• Exercise Bike Reivews

    The Information You Need to Buy the Best Exercise Bike

    When you’re trying to get fit, you’ll find a lot of people recommending yoga, CrossFit, HIIT and exercises you hate. And then the dreaded “treadmill” is uttered, and you just want to run away back to your ice cream and the comfortable couch.

     

    The best exercise bike will provide you with an immense cardiovascular, fat-burning workout that will keep you in shape. You’ll burn an extreme amount of calories (more on that soon) and you don’t need to do chin-ups, pull-ups or squats.

     

    Don’t get me wrong, these are all great exercises for strength. But not everyone wants to “bulk up.”

     

    And there are a lot of exercise bike reviews that will guide you to the perfect model for your needs and budget.

  • What Are Exercise Bikes?

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    Exercise bikes are simple: they’re stationary bikes. These are bikes that stay in one place and allow you to cycle for hours on end without ever leaving the room. And there are a lot of benefits to choosing an exercise bike over, say, a treadmill or stair climber.

     

    While you may have seen exercise bikes before, you probably don’t realize that there are many types to choose from:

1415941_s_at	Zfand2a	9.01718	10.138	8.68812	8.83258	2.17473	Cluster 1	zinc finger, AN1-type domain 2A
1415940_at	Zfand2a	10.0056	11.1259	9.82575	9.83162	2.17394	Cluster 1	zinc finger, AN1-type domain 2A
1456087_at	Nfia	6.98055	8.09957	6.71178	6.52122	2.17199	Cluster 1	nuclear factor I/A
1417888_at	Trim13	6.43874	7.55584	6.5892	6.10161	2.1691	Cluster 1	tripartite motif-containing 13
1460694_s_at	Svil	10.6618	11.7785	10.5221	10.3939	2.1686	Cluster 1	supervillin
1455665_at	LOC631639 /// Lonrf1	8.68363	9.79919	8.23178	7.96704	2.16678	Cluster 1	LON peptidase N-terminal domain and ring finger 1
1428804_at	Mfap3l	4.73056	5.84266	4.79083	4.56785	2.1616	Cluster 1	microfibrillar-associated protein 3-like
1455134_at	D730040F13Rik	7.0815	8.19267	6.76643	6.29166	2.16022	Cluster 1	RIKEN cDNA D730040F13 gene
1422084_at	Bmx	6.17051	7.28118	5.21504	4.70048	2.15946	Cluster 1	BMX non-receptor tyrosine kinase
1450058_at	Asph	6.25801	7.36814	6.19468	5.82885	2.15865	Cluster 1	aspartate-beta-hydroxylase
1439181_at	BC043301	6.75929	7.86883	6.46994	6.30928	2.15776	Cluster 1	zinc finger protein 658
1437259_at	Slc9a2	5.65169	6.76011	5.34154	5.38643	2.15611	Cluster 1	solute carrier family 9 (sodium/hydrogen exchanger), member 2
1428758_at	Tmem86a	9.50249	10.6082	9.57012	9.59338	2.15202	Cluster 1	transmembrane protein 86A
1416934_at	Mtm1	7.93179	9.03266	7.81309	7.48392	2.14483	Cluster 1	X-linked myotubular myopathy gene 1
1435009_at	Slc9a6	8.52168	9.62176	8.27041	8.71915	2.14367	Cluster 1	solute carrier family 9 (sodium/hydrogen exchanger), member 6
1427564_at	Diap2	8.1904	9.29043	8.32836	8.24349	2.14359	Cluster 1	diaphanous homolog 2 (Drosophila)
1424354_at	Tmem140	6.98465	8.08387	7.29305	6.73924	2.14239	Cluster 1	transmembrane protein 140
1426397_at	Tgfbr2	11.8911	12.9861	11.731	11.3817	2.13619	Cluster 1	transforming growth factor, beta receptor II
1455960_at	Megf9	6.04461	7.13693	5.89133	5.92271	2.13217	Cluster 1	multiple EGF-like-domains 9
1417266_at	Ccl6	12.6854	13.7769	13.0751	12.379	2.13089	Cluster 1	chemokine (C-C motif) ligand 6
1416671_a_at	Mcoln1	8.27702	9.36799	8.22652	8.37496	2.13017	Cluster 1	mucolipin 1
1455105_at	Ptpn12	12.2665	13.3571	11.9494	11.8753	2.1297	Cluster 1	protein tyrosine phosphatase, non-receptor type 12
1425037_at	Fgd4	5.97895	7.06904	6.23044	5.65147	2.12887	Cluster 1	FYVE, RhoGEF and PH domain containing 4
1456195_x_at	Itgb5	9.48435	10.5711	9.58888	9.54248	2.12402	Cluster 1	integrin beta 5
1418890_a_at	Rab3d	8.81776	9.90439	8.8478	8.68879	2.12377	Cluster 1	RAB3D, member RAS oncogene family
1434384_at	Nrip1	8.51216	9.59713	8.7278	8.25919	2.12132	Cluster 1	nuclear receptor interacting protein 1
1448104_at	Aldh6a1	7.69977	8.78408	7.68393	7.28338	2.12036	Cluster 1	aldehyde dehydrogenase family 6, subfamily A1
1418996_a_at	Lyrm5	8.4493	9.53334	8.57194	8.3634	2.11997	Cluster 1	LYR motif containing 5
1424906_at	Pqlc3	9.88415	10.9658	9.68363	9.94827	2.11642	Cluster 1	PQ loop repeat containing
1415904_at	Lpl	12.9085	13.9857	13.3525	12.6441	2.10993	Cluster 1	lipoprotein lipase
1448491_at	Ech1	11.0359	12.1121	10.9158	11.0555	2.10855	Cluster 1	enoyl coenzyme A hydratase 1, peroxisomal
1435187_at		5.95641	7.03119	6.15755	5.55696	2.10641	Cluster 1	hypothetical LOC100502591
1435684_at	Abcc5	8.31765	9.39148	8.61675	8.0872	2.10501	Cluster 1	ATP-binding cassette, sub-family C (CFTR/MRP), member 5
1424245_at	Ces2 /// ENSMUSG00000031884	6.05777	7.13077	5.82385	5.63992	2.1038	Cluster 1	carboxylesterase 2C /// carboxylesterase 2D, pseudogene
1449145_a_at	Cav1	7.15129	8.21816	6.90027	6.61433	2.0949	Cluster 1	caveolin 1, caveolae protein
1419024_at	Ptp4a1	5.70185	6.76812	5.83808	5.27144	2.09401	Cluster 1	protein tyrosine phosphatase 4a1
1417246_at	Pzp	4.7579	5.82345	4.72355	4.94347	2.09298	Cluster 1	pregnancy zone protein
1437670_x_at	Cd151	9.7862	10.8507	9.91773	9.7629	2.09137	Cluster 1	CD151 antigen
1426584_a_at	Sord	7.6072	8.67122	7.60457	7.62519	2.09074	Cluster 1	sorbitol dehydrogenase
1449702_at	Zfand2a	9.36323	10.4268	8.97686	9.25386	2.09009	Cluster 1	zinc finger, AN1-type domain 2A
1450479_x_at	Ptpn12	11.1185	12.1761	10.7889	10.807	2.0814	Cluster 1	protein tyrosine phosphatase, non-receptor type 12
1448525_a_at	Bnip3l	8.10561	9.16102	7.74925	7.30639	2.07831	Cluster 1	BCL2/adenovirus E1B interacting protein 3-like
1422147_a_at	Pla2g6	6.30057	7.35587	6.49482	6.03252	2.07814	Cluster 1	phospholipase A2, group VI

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  • What Types of Exercise Bikes Exist?

    There are four main exercise bike options available, and they all provide a great cardiovascular workout. In terms of caloric burn, you’ll find that most models are similar, but they offer different benefits. The recumbent, for example, is ideal if you have a bad or injured back. Some of the most common types of exercise bikes include:

    • Upright - A “traditional” bike. These exercise bikes are very similar to riding a traditional bicycle. You’ll sit on a seat that is similar to your ten-speed, and the pedals are similar as well. You’ll feel like you’re riding an ordinary bike, and there are handlebars that can be grabbed as well.
    • Recumbent - A recumbent is ideal for anyone that needs more back support. If you’ve had back pain or injuries, a recumbent is the right model for your needs. These bikes have pedals like a normal bike, but they have a much larger seat and backrests. The pedals are also in front of the seat instead of below the seat. Note: You won’t receive any form of upper body exercise with these bikes, but cardiovascular and lower body exercise is the same as an upright.
    • Indoor Cycles (Spinners): Spinning classes have made indoor cycles popular. These exercise bikes have mechanical components, and a real chain and pedaling system. They’re very similar to a real bike. Basic in nature, these machines often lack consoles or advanced technologies, and you’ll lean forward on the handlebars to focus on your speed.
    • Dual-Action: Dual-action exercise bikes are less common, but they do provide a superb full body workout. These bikes allow you to cycle as you normally would, but you’ll also be incorporating your upper body into the mix because the handles move back and forth much like an elliptical machine.

    When looking at exercise bike reviews (we’ll be offering our own soon), you’ll find that dual-action models are much harder to find and that many of the best exercise bikes come with a lot of added features: resistance, monitoring, pre-set programs and a variety of other options.